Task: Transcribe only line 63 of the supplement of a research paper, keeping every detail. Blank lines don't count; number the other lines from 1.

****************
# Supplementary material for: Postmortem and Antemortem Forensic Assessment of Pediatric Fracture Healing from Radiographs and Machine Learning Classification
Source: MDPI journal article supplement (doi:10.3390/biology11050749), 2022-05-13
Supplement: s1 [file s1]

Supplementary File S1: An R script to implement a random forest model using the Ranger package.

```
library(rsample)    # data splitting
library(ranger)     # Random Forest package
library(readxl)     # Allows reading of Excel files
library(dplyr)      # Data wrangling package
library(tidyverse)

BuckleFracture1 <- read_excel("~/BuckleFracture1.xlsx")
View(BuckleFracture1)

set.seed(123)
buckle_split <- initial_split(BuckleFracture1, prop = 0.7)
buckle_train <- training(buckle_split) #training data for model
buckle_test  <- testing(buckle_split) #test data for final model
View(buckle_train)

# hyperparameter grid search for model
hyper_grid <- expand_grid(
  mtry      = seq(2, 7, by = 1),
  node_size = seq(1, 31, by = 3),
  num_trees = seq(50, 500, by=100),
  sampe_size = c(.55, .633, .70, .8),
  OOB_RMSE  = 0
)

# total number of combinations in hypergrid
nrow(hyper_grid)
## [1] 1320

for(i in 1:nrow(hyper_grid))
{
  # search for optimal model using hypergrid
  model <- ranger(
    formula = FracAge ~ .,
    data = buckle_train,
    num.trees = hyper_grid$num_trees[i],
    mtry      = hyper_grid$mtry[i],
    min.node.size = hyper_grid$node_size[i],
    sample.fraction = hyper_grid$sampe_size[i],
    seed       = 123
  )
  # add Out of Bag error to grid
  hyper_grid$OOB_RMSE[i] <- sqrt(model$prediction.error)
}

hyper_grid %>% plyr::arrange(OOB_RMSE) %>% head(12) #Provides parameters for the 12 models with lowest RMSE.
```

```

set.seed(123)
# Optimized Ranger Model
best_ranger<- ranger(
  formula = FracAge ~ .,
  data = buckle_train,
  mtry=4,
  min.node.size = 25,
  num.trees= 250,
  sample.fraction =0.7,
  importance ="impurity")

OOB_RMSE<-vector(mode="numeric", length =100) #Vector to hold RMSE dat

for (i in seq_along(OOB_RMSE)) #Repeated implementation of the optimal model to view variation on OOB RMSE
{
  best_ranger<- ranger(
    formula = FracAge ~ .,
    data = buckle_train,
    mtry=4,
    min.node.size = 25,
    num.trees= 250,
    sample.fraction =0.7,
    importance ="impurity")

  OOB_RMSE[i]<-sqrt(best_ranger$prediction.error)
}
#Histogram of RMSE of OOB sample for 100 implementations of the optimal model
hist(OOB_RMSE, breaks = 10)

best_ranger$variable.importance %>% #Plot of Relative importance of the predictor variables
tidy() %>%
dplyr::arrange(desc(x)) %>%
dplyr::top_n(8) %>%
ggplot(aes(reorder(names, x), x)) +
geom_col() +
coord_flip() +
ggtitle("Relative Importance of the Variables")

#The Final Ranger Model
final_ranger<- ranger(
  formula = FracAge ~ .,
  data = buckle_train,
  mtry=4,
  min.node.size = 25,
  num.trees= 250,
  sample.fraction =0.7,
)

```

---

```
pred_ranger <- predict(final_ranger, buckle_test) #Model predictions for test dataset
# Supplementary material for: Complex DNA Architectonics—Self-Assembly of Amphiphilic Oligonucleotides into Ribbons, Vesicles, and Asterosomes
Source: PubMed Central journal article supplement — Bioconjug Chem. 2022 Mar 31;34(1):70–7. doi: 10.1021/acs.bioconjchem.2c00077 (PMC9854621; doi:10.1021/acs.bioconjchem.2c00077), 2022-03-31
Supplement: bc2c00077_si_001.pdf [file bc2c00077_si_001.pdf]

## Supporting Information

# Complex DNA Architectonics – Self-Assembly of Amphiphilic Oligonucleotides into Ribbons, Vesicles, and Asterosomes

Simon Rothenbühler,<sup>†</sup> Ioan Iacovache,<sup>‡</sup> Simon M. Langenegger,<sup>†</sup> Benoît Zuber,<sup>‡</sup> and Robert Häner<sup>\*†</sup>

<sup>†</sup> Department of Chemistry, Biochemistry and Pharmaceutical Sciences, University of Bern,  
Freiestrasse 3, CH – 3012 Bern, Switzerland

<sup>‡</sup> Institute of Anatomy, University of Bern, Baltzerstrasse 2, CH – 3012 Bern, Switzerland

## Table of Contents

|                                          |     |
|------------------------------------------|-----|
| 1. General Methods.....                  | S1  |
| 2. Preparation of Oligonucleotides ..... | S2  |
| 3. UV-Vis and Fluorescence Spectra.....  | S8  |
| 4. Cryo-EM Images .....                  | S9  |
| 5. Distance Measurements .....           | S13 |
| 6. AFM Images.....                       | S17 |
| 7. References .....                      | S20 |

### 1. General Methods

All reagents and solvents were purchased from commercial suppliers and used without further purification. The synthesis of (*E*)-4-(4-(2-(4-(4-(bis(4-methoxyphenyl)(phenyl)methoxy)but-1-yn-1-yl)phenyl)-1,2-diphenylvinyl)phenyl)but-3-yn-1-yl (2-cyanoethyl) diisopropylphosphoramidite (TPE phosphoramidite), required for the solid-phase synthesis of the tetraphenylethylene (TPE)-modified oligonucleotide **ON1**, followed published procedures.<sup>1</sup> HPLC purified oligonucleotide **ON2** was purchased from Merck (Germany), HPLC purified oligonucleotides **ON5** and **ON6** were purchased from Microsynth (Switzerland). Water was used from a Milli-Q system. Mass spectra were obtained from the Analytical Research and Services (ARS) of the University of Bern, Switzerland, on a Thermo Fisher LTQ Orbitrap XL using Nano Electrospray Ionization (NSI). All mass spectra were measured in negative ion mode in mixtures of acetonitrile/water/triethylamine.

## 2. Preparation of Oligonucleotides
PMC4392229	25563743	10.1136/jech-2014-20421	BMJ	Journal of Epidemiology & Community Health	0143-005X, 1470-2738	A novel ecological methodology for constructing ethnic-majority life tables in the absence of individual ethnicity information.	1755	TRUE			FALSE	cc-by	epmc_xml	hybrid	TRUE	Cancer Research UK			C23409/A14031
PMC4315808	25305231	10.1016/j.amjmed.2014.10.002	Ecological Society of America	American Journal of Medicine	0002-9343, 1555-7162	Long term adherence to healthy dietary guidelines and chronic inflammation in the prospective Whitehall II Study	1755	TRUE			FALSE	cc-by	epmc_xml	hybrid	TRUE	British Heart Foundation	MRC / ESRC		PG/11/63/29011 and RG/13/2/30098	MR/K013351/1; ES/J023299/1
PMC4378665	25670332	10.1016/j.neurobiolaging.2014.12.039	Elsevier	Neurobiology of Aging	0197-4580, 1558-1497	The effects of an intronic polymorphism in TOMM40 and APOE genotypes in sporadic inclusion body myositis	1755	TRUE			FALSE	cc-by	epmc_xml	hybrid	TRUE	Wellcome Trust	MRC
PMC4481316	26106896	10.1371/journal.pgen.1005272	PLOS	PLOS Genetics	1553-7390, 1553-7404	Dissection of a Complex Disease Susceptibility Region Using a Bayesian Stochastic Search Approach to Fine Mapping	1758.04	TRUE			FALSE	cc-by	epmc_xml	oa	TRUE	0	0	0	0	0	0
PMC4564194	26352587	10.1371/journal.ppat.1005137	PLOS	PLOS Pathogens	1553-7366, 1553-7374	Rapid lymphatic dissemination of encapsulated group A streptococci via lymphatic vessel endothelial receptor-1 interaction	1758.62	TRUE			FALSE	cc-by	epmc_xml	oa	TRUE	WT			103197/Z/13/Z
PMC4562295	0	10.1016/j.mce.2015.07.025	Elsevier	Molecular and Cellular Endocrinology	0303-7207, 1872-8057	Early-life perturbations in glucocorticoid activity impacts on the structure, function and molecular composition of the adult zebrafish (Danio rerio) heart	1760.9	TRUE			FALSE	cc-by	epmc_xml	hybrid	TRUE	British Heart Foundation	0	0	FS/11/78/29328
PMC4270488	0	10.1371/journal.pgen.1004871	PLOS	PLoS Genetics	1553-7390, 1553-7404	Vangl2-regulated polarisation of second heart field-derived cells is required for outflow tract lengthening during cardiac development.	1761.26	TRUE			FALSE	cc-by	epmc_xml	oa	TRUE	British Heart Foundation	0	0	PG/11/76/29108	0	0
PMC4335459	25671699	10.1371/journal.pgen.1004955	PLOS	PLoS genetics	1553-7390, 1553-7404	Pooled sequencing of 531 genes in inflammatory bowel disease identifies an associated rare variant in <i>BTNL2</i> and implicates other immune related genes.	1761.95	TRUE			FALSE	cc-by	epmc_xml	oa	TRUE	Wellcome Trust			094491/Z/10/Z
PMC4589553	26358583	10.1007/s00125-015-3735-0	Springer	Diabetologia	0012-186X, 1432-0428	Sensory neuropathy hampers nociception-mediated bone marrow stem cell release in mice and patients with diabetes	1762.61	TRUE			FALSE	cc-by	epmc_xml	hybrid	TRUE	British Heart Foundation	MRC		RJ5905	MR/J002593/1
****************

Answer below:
    mtry=4,